than definitively ending — did not seem like action, & maybe
Radish held some microscopic fascination — how I think of it now — because,
                   in a pasture out the window he grazed, the ‘wild’ or trump card we 
might one day be played — in a rescue of narrativity, surreal but 
                   consequential. Radish, the last of the comics
on this last page, took its name from the badly drawn, sway-backed horse
                   suspended leit motif, incendiary loose-cannon narrative device —
                   available, should its creators feel (as I did)
the need for it. In fact weeks would go by in which we did not catch sight
                   of the beast — & then we did — leading his contemplative (not to say 
life, truly a Life of Riley, munching, chewing, raising his tail. Was he their
                   unconscious? their libido? The Potts’ id? “Val,”

Prince Valiant’s flaxen-haired betrothed would say, “Val,
stick it to me.” But she never did — though she admired him, as I never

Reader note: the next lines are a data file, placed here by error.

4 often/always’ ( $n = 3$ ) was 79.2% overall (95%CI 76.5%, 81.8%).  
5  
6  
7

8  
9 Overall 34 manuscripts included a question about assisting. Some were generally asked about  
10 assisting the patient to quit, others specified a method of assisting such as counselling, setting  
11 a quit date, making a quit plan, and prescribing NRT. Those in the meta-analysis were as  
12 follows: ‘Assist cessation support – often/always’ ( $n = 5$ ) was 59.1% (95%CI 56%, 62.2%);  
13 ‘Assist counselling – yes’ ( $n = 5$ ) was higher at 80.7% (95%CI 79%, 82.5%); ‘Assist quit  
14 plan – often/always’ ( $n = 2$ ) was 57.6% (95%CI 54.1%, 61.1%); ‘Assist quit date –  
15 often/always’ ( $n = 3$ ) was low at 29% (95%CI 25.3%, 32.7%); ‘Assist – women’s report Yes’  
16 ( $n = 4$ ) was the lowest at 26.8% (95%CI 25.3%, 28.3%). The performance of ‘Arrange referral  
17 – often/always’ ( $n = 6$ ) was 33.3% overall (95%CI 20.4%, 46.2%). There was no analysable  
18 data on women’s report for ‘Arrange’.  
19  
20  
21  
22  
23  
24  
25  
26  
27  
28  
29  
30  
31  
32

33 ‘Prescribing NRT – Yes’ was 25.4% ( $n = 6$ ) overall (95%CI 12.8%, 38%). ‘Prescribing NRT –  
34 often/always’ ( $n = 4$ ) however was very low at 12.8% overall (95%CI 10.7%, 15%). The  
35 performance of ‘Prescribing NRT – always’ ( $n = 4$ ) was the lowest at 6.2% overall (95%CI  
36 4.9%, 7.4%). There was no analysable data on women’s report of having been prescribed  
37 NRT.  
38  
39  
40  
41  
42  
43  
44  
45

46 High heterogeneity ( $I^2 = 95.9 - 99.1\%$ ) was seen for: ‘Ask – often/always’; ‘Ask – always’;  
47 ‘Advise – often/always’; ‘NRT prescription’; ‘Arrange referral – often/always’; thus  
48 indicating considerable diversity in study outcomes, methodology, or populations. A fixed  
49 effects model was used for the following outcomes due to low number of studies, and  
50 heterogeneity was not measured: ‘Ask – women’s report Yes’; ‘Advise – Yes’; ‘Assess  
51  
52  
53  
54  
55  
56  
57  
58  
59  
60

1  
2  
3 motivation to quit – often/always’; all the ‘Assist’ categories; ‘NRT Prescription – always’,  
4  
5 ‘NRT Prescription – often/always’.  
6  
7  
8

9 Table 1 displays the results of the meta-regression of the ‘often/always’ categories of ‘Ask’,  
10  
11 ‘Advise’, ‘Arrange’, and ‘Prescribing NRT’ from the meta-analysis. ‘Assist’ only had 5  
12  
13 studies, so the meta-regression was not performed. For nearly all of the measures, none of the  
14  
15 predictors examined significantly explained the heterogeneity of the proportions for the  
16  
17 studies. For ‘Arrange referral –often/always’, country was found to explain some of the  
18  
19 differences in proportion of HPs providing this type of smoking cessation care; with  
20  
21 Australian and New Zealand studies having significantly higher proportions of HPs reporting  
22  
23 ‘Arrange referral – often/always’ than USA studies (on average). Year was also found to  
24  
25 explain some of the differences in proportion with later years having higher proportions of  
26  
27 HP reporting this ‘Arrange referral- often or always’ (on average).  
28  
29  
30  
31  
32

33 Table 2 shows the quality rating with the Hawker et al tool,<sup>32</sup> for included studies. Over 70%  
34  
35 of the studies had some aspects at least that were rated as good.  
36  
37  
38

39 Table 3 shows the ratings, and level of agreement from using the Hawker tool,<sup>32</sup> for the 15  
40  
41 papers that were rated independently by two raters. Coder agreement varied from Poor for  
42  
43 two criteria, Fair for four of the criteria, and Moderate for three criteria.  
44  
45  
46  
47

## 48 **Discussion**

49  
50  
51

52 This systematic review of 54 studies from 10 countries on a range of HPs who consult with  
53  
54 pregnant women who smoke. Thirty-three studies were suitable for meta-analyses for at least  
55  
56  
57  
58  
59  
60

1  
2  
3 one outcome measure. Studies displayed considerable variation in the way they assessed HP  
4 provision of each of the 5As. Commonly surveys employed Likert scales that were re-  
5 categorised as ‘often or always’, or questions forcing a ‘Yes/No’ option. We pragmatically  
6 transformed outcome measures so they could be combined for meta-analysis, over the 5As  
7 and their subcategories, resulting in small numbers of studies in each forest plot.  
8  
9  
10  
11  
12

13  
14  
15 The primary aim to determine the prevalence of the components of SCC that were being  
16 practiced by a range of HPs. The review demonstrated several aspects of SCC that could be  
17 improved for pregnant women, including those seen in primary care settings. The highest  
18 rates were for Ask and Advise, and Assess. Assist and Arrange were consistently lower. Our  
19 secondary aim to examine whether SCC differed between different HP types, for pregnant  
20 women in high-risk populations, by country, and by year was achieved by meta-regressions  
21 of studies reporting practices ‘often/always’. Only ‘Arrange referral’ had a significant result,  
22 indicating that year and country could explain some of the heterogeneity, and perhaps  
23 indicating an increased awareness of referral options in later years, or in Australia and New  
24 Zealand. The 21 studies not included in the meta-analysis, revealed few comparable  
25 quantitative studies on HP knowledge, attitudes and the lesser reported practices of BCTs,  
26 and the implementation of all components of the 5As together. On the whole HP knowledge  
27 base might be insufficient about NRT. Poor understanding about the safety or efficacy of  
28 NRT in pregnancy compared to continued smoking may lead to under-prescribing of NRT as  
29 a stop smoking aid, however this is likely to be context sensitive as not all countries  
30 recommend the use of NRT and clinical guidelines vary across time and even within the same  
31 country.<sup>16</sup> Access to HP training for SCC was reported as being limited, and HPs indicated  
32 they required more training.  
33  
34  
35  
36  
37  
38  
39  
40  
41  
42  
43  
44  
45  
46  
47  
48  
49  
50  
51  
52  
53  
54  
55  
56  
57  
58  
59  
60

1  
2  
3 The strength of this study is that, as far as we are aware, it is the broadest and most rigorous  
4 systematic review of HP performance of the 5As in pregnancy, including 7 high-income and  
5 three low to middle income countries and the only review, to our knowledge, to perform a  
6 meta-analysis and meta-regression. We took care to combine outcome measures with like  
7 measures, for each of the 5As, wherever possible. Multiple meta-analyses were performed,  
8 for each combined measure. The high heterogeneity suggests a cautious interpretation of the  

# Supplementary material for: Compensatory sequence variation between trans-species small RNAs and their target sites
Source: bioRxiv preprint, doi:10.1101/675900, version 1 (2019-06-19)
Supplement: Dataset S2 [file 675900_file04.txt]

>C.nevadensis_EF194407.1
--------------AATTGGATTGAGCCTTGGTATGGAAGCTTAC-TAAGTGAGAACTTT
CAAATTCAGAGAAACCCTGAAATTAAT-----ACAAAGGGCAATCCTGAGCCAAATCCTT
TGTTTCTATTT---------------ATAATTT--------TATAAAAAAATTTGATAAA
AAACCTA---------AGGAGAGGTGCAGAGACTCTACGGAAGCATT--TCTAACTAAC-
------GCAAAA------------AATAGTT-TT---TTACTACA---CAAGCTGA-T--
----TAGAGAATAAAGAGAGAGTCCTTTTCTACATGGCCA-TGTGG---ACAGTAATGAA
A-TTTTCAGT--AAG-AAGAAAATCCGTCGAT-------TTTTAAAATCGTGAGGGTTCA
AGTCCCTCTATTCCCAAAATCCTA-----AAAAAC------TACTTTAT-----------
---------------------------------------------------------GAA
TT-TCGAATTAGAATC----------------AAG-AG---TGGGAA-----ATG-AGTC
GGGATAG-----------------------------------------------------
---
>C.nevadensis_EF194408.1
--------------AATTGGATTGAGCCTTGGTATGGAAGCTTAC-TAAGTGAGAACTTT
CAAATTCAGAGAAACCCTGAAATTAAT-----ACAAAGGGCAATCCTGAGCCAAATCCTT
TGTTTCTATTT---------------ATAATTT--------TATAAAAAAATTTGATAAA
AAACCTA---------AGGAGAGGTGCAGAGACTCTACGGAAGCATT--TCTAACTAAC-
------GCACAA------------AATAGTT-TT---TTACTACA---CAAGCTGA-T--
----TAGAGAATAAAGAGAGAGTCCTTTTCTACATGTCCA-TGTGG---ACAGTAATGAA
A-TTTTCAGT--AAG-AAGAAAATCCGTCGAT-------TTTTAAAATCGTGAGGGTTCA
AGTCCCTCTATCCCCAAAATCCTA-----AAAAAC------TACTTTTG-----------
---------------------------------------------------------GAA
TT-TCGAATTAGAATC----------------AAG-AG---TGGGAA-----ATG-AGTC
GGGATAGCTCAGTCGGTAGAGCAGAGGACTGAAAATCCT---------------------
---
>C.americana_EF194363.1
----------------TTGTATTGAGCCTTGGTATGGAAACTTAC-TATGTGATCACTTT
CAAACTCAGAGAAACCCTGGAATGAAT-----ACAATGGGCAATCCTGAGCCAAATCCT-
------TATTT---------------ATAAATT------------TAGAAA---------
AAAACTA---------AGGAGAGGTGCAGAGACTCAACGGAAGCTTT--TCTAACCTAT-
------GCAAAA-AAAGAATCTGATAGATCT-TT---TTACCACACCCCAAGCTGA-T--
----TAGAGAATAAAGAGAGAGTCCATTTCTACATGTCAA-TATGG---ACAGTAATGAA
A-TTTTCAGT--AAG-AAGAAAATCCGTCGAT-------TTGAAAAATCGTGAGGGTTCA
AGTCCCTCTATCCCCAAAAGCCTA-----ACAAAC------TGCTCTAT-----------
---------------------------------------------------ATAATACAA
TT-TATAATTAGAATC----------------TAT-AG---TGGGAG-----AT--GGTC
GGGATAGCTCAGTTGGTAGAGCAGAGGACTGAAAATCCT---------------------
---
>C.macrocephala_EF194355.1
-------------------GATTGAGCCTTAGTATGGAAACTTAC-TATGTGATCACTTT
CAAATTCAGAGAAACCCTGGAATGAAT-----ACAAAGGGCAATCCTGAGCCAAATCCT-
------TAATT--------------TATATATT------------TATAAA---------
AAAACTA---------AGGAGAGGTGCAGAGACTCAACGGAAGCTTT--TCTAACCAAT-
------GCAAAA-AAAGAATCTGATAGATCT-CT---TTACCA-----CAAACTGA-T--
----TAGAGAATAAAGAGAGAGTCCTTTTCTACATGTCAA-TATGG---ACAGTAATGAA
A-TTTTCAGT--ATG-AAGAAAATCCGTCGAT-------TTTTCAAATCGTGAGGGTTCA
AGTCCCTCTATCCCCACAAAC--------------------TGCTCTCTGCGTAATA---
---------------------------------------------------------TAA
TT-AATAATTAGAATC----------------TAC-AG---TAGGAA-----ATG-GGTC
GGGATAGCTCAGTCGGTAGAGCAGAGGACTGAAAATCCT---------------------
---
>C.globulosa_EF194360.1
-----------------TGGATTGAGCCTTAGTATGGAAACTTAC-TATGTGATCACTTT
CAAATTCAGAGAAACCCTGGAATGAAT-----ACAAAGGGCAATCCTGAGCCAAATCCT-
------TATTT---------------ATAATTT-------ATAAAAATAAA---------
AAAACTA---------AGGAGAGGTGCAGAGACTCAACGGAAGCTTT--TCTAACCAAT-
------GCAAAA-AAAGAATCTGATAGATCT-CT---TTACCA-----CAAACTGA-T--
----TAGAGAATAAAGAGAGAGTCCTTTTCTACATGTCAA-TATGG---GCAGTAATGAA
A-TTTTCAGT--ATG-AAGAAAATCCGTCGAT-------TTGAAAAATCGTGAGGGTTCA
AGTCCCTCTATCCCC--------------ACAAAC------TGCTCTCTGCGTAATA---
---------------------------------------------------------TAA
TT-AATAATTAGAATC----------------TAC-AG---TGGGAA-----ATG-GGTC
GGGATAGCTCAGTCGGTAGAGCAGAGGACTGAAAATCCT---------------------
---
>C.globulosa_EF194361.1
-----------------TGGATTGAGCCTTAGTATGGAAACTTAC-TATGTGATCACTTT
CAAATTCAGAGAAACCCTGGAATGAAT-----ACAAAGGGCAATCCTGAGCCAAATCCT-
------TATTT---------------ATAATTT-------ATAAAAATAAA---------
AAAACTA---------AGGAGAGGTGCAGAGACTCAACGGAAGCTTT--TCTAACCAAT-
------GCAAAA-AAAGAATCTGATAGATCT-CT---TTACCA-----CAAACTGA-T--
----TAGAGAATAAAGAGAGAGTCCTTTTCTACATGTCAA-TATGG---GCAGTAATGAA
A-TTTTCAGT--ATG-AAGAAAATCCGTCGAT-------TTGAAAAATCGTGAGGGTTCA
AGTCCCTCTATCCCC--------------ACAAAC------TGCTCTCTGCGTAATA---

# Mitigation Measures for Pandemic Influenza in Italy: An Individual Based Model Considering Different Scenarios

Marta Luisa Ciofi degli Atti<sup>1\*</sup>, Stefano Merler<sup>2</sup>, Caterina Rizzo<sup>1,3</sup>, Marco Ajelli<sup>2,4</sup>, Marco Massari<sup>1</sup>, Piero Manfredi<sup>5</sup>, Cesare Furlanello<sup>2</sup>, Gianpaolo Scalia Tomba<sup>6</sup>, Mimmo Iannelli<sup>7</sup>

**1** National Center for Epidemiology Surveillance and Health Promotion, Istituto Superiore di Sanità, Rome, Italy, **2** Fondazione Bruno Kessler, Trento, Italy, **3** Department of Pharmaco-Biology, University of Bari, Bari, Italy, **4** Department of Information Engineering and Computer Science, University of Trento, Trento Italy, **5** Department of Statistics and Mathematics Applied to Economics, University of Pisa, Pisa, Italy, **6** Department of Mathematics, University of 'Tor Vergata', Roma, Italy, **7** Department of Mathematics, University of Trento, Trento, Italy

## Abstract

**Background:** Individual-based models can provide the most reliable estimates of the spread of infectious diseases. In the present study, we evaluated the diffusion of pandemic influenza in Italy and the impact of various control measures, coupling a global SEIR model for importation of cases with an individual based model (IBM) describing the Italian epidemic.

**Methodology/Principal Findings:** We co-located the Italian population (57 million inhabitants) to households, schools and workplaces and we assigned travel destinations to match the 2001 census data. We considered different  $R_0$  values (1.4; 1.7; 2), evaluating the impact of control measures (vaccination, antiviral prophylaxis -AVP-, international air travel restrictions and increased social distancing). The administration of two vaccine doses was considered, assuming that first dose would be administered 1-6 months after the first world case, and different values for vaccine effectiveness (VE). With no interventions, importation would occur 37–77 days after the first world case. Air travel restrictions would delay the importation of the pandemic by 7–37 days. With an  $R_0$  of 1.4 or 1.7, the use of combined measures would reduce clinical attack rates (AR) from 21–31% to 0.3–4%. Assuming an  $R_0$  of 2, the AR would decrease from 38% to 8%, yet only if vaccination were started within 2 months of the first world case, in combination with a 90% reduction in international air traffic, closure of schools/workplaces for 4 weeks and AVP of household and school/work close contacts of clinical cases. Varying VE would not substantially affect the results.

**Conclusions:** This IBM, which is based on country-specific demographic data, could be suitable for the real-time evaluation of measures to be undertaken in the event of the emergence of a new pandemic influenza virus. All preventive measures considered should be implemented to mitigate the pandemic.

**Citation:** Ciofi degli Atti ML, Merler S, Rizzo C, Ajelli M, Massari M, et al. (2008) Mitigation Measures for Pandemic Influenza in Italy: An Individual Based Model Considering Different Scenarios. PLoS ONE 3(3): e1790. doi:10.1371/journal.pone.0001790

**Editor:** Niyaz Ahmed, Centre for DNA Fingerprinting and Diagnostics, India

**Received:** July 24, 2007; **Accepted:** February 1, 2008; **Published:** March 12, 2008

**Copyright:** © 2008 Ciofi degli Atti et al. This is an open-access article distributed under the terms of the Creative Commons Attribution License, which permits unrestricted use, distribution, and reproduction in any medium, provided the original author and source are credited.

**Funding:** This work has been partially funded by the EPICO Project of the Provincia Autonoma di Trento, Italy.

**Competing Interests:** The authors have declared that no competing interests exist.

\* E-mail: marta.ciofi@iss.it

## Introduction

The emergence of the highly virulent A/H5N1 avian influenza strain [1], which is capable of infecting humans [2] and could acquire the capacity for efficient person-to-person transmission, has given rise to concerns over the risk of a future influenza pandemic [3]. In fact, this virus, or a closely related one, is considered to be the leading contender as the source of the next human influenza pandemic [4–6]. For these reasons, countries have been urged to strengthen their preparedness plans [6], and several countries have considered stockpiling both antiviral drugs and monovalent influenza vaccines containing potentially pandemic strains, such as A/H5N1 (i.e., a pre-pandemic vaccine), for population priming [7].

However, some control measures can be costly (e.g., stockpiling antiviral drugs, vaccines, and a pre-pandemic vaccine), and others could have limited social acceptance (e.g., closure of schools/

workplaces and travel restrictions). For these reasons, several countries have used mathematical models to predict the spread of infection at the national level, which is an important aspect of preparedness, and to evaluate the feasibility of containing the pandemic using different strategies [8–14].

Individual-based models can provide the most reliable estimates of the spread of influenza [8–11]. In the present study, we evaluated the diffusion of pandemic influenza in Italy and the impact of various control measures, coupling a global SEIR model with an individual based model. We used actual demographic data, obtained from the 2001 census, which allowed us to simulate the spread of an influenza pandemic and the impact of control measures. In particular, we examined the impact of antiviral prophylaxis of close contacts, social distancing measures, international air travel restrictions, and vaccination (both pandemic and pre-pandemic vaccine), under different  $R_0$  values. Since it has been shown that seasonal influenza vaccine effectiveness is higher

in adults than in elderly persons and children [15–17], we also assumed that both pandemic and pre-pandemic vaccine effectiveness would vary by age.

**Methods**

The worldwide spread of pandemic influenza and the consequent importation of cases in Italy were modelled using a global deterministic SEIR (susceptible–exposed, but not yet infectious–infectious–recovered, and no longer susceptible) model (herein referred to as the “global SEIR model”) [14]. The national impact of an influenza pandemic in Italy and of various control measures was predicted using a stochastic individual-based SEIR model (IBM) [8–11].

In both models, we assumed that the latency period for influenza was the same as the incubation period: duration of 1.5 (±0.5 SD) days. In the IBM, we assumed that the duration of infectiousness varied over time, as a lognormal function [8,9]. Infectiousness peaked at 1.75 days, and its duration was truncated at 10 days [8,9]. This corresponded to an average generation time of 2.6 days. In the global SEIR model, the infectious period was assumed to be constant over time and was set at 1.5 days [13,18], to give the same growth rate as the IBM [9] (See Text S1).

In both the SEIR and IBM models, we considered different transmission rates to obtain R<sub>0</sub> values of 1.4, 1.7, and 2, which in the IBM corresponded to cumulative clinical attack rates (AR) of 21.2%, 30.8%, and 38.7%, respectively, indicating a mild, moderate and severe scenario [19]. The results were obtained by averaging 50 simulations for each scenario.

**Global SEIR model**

could, while he practised his archery, sharpened his sword, ‘had 
                   moods’. Was this maybe
muscular Christianity avant la lettre? or a puritan paganism? Val never 
                   promised the violently insurrectionary the way Radish did, or even
                   the intellectual
far-fetchedness & ‘possibility’ of the horse — who had a rumoured history as
                   a one-time winner: hopes hoped
of him had some basis. Val on the other hand, had done nothing — text-
                   book stuff, dutifully, text-book battles, text-book dispensing of